Telling Our Story: A Literary Analysis of Disability Narratives




Patterson, Andrew

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This thesis seeks to answer the question: what are the best practices when creating a narrative about disability? To answer this question, I analyze the development of disability narratives throughout four novels written over the last century; The Sound and the Fury by William Faulkner, The Curious Incident of the Dog at Night-time by Mark Haddon, Of Mice and Men by John Steinbeck, and To Kill a Mockingbird by Harper Lee. The first two novels feature a first person narration of disability, a character with a disability serves as the narrator of at least part of the novel. The second two novels feature a third person narration of disability, a non-disabled narrator telling the story of someone with a disability. I find that the best narrative practices utilize first person narrations, avoid counterproductive narrative tropes such as the kill or cure trope and techniques such as disability as a narrative prosthesis, and otherwise provide as realistic an image of disability as possible in a work of fiction.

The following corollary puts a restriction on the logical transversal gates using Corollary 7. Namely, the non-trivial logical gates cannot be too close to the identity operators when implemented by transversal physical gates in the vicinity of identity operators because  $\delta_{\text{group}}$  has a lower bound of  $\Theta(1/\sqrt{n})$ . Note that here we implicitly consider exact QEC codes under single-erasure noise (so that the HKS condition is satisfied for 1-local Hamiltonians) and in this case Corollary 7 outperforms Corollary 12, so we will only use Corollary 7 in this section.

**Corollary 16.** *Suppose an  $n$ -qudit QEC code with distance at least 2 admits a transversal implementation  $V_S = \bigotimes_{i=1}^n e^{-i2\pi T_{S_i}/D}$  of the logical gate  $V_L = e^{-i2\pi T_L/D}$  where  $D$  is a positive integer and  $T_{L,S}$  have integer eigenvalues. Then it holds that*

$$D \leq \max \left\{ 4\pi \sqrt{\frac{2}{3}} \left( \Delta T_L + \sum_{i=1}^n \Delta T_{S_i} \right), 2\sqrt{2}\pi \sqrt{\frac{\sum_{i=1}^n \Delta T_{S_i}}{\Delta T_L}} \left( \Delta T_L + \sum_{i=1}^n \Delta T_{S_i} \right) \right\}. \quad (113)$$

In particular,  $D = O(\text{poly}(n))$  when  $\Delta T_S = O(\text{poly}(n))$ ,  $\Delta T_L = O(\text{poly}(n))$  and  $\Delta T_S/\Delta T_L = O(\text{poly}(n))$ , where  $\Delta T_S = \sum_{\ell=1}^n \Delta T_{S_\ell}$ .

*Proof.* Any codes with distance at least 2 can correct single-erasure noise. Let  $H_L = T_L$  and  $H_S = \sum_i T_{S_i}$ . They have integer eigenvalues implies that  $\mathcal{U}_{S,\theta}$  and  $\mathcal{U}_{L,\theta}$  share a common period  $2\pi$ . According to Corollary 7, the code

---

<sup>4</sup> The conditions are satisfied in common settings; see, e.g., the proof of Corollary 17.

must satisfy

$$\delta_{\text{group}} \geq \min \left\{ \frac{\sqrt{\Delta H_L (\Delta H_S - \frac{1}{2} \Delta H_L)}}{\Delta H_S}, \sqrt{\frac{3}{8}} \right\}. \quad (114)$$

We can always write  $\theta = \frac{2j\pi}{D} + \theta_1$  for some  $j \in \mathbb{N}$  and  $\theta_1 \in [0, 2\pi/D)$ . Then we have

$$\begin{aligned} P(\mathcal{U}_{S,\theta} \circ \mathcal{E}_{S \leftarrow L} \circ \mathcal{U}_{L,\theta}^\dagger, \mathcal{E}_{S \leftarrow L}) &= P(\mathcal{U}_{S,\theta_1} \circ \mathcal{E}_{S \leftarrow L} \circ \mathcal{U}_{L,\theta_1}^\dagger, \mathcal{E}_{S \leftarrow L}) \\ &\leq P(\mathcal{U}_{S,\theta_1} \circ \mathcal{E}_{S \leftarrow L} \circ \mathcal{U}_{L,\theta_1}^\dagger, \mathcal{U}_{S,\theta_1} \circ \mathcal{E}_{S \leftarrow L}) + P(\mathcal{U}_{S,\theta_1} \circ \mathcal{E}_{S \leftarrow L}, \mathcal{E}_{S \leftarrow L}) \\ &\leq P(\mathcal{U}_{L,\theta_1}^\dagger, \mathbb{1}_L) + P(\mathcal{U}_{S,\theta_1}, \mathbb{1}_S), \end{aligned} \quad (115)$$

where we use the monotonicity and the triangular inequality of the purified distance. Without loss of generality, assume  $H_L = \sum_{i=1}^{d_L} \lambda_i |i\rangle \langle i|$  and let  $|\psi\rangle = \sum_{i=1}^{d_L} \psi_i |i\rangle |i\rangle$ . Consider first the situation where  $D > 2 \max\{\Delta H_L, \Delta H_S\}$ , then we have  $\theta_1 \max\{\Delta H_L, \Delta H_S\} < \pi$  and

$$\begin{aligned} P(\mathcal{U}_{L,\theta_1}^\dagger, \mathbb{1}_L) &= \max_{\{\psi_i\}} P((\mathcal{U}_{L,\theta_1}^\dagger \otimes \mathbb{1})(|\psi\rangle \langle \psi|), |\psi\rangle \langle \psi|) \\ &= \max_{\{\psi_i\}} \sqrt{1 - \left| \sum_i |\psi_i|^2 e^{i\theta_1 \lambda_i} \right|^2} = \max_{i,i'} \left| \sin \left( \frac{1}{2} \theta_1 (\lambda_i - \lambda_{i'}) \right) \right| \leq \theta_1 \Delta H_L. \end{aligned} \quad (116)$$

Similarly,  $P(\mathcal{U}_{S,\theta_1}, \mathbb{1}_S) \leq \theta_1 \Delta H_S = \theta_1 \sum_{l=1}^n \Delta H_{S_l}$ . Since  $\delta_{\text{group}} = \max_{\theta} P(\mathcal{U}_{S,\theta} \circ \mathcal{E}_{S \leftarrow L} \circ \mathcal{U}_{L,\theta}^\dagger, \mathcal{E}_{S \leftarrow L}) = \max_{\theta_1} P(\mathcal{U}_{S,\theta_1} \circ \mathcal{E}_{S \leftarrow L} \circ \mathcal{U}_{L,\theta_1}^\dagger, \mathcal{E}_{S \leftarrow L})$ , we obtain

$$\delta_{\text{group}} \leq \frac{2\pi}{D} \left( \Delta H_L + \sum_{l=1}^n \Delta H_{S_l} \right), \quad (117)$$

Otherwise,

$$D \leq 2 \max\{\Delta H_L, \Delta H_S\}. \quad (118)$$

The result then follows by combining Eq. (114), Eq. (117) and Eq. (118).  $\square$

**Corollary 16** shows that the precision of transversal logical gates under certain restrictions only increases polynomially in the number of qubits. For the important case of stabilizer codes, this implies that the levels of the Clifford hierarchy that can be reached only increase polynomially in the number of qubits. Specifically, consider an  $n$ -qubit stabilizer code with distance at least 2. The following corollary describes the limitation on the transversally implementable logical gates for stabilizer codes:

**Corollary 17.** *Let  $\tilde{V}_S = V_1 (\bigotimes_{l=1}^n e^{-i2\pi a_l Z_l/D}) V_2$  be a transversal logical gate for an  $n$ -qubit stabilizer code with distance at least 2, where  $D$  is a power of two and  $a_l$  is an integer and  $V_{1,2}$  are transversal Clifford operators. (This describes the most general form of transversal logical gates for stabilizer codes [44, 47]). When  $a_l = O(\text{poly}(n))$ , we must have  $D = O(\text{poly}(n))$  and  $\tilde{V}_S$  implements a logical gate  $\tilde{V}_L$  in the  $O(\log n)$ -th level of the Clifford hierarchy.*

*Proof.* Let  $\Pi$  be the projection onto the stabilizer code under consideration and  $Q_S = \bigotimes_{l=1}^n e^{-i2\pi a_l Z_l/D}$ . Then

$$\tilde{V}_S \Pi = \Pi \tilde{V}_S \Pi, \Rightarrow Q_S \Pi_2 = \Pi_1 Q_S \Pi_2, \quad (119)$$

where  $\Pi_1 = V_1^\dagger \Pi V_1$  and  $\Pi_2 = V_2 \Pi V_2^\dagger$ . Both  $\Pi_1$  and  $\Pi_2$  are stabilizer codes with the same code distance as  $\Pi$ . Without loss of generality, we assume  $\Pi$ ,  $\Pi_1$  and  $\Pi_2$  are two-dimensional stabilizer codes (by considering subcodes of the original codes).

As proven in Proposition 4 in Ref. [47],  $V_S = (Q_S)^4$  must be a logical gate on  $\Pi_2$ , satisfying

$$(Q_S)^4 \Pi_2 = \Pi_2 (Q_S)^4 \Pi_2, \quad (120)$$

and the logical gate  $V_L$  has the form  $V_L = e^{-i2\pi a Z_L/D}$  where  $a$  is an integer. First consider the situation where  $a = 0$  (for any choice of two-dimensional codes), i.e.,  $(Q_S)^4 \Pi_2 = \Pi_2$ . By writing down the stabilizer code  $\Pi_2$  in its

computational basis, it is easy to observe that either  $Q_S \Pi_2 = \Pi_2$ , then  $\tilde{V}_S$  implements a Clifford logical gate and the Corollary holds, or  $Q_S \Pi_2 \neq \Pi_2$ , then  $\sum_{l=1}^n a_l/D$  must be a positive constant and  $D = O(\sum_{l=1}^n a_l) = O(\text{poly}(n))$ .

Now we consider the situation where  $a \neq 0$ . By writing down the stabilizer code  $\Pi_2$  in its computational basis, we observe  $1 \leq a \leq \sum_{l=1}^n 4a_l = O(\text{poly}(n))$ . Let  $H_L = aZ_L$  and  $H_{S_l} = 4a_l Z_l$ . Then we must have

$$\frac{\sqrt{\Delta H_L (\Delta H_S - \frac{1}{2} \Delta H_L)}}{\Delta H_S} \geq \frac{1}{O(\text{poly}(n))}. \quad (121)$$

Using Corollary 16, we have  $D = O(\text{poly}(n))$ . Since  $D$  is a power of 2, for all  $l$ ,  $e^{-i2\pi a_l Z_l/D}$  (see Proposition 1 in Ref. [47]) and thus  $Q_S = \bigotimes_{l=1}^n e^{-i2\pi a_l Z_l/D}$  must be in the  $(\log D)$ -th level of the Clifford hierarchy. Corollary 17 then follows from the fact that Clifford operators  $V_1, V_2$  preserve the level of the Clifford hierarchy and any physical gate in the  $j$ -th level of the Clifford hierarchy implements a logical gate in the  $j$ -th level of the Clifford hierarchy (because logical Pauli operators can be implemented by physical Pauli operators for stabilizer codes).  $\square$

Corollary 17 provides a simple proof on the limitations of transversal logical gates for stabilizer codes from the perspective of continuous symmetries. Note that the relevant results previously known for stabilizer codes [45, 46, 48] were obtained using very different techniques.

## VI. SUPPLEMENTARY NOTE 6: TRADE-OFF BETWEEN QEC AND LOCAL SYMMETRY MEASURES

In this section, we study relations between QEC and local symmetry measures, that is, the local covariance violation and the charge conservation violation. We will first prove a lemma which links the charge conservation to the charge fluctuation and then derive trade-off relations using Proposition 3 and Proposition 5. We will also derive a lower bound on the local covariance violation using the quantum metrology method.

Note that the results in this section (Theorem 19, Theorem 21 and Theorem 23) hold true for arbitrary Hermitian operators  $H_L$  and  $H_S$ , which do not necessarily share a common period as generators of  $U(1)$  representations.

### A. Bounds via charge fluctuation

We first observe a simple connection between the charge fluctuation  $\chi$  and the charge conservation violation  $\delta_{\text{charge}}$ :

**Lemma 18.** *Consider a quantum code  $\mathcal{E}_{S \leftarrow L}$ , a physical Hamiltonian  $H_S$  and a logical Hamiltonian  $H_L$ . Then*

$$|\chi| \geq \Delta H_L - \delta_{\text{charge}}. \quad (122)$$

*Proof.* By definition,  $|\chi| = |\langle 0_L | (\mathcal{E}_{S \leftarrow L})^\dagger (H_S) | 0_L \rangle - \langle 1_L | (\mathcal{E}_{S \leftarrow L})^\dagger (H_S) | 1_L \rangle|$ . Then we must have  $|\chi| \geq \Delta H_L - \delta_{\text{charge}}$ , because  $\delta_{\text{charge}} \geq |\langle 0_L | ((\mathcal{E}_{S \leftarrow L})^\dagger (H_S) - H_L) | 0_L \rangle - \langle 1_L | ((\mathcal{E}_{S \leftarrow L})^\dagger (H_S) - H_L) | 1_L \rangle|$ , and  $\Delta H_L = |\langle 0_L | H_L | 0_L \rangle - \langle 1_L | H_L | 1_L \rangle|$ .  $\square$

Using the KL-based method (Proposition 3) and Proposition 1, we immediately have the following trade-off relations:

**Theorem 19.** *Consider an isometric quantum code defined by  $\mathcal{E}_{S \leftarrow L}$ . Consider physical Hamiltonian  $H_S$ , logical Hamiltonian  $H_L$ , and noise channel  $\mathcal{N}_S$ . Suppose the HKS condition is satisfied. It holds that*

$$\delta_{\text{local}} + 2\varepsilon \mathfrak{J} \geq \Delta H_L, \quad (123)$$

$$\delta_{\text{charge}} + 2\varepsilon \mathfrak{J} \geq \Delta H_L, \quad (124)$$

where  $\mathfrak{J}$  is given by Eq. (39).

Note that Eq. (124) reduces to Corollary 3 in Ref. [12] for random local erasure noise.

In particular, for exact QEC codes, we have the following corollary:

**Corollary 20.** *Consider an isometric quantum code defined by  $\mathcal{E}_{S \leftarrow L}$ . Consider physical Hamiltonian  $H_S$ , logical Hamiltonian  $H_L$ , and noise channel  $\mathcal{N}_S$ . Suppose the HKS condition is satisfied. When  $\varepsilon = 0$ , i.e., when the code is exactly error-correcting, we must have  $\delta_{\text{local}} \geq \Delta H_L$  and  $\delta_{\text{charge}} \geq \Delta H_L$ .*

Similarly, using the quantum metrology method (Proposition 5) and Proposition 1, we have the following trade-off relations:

Disability Studies, Literature, Disability, Faulkner, William, Steinbeck, John, Lee, Harper, Haddon, Mark, Fiction